SU Physicist Earns Prestigious Simons Fellowship

M. Cristina Marchetti is using award to study active matter

marchettiM. Cristina Marchetti, the William R. Kenan Jr. Professor of Physics in The College of Arts and Sciences, has been named a 2013 Simons Fellow. She will use the prestigious award, valued at nearly $129,000, to help underwrite a yearlong sabbatical to study theoretical modeling of active matter. Additional support comes from SU and the college.

The highlight of Marchetti’s sabbatical is a four-month workshop that she is co-organizing at the Kavli Institute for Theoretical Physics (KITP) at the University of California, Santa Barbara.

“This fellowship is a tremendous honor for the college and the University,” says Vice Chancellor and Provost Eric Spina. “Professor Marchetti is a world leader in theoretical physics, particularly in non-equilibrium statistical physics, condensed matter theory and biological physics. We are delighted that through the generous support of the Simons Foundation, she will expand her research by fostering collaborations with other scientists around the world.”

Marchetti is co-organizing the workshop with Iain Couzin, professor of ecology and evolutionary biology at Princeton University; Sriram Ramaswamy, director of the Tata Institute of Fundamental Research Centre for Interdisciplinary Sciences in Hyderabad (India); and Christoph Schmidt, professor of physics at the Georg-August-Universität in Göttingen (Germany). Together, they will engage with more than 120 participants, at various intervals, from around the globe.

“Experiments in active matter are developing at a rapid pace,” says Peter Saulson, the Martin A. Pomerantz ’37 Professor of Physics at SU and chair of the Department of Physics. “Professor Marchetti’s workshop will reinforce the college’s role as a leader in cutting-edge physics research, while achieving unity in a diverse and growing field.”

Marchetti intends to use the workshop—and the rest of her sabbatical—to learn more about how objects convert energy to movement. Subjects to be examined range in size from cytoskeletons, cells and tissues to insect swarms, bird flocks and fish schools. “My goal is to identify a universal behavior in this broad class of internally driven systems,” she says.

Marchetti is no stranger to KITP, having served as a member and chaired its advisory board. In her new capacity, she will organize one of the first extended programs on active matter.

“We will bring together some of the biggest names within a highly interdisciplinary environment,” says Marchetti, an SU faculty member since 1987. “We want to ensure the participation of experimentalists and field workers alike, as progress in this field requires close integration of theory, modeling and observation.” Among the participants will be theoretical and experimental physicists and chemists, biologists, engineers and applied mathematicians.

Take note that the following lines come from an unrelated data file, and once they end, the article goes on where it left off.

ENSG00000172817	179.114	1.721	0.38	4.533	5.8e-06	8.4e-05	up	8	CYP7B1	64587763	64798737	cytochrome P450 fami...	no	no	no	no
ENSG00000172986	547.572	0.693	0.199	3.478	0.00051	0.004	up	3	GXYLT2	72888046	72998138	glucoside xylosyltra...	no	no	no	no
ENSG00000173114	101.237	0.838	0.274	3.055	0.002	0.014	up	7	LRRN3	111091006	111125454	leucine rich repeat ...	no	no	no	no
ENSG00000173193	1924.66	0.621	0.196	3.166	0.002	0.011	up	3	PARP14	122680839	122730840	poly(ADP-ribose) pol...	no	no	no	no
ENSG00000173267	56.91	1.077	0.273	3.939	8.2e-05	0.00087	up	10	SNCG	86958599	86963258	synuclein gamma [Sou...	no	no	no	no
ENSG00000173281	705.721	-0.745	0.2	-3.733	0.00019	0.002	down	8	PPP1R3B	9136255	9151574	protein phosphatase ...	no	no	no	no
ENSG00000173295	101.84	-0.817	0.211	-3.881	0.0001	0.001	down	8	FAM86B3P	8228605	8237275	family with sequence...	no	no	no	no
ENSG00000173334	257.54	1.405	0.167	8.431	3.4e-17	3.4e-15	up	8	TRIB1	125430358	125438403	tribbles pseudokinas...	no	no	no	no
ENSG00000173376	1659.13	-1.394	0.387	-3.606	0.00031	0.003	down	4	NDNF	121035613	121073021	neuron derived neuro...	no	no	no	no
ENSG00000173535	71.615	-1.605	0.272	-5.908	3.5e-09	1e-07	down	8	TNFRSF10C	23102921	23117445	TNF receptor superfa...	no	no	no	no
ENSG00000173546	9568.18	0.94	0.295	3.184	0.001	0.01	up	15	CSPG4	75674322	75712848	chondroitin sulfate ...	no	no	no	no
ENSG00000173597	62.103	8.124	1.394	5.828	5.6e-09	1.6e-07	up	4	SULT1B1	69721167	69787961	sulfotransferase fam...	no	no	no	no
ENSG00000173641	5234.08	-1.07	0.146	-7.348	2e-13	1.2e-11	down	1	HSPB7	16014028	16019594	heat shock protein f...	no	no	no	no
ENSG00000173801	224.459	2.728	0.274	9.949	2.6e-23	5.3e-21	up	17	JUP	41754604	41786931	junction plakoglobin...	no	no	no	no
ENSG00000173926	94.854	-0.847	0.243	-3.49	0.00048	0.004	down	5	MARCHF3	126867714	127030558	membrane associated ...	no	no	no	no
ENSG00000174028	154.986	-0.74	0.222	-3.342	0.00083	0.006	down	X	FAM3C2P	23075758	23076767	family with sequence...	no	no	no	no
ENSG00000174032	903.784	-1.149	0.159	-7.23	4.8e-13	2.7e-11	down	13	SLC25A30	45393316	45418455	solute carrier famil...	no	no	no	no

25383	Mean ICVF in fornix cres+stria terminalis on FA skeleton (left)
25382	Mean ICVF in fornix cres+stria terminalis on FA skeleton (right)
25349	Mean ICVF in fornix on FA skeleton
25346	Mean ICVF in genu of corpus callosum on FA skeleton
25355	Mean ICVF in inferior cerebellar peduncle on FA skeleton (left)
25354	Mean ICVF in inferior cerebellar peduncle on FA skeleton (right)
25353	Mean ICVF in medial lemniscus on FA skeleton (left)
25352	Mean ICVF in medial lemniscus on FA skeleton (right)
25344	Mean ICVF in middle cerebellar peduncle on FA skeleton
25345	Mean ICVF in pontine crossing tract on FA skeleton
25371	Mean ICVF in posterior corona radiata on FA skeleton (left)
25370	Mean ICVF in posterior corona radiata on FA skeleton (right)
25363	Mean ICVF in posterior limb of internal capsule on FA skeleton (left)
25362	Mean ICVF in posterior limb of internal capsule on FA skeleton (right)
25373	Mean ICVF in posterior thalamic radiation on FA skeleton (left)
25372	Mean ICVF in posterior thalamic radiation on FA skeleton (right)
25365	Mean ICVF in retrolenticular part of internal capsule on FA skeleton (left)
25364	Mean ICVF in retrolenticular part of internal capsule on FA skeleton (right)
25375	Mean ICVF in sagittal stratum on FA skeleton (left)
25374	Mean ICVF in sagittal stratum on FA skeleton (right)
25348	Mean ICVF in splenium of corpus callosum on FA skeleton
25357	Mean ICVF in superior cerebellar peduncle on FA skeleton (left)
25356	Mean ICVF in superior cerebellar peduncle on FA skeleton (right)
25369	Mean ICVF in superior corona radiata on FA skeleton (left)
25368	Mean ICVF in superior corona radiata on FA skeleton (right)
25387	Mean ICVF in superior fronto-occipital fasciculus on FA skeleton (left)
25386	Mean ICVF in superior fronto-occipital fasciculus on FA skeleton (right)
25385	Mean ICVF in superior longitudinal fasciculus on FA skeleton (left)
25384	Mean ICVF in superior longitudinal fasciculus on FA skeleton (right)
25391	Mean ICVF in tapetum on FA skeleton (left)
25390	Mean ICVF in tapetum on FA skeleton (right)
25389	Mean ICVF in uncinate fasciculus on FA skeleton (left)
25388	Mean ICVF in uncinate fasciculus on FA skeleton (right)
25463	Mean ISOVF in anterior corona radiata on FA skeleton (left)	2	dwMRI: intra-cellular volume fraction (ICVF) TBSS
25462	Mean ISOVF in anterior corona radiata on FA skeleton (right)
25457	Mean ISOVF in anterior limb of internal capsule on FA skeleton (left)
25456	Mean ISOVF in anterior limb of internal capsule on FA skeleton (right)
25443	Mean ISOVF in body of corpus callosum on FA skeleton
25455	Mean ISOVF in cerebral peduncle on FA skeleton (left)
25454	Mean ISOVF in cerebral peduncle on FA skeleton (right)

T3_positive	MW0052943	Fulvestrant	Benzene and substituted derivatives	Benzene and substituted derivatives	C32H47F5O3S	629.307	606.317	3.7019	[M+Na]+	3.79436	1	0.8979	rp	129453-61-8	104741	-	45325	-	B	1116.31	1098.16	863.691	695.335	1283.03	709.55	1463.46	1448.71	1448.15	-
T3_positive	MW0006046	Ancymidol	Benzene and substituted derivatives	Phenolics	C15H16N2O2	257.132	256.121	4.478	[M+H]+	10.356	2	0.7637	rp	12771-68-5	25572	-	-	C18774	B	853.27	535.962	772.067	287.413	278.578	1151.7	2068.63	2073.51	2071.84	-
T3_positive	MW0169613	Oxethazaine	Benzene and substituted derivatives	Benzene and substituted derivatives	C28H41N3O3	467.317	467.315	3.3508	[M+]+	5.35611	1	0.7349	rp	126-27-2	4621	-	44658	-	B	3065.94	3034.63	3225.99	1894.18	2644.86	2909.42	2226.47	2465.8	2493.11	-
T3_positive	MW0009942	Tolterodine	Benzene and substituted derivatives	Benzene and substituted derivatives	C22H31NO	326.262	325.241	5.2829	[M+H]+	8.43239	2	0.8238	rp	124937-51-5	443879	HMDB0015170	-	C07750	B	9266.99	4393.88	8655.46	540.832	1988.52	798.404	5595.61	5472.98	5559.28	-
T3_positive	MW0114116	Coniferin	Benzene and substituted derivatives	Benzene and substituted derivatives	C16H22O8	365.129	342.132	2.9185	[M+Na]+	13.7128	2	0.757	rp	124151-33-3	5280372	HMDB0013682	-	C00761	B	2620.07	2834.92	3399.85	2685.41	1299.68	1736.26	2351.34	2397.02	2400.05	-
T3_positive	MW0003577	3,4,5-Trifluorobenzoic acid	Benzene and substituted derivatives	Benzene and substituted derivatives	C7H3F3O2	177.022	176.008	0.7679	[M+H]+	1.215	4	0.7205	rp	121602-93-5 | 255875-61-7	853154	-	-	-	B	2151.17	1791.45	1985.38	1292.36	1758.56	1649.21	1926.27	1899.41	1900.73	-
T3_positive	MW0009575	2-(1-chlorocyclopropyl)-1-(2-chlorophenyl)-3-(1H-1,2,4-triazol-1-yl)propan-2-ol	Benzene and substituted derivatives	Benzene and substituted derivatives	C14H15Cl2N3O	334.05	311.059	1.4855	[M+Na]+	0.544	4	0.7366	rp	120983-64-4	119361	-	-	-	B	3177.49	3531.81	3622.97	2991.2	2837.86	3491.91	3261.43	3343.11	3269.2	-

With all the recent developments in condensed matter physics and the life sciences, Marchetti says the time is ripe for a concerted study of the physics of active systems. “These systems are fairly disparate and exhibit a range of large and small phenomena,” she says, referring to swarming, non-equilibrium disorder-order transitions, mesoscopic patterns, anomalous fluctuations and surprising mechanical properties. “We plan to survey what research has been done thus far, address central broad questions, and then identify areas for future breakthroughs.”

The rest of Marchetti’s sabbatical will be divided between time at SU and at the institutions of a few close collaborators. She is particularly proud of her SU research group, which studies emergent behavior of soft and biological materials that are driven out of equilibrium by an external drive, internal activity or quenched disorder. “We use theory and computation to investigate the rich dynamics of a broad range of systems,” she says, referring to vibrated granular matter, bacterial suspensions, cell cytoskeleton and living tissue.

Her group currently includes one post-doc and three graduate students who are working on projects spanning from collective cell motion, to jamming and glassy dynamics of active systems, to swimmers and rotors in viscous fluids.

“Our work makes complementary use of bottom-up modeling and top-down phenomenology to highlight the role of physical interactions, relative to genetically and biochemically regulated signaling, in controlling the large-scale structural organization and mechanical properties of these complex systems,” she says.

In other words, they look at the kind of behavior that emerges when objects begin interacting with one another and consuming energy.

Marchetti is one of the leading lights of SU’s Department of Physics. In addition to her Kenan Professorship, she is a fellow of the American Physical Society and associate director of the Syracuse Biomaterials Institute, whose foci range from applied biomaterials research (e.g., cells, tissues and organs) to interactions between biological matter and non-living materials. Her many honors and awards include the Chancellor’s Citation for Academic Achievement and a Rotschild-Mayent Sabbatical Fellowship at the Institut Curie in Paris (France).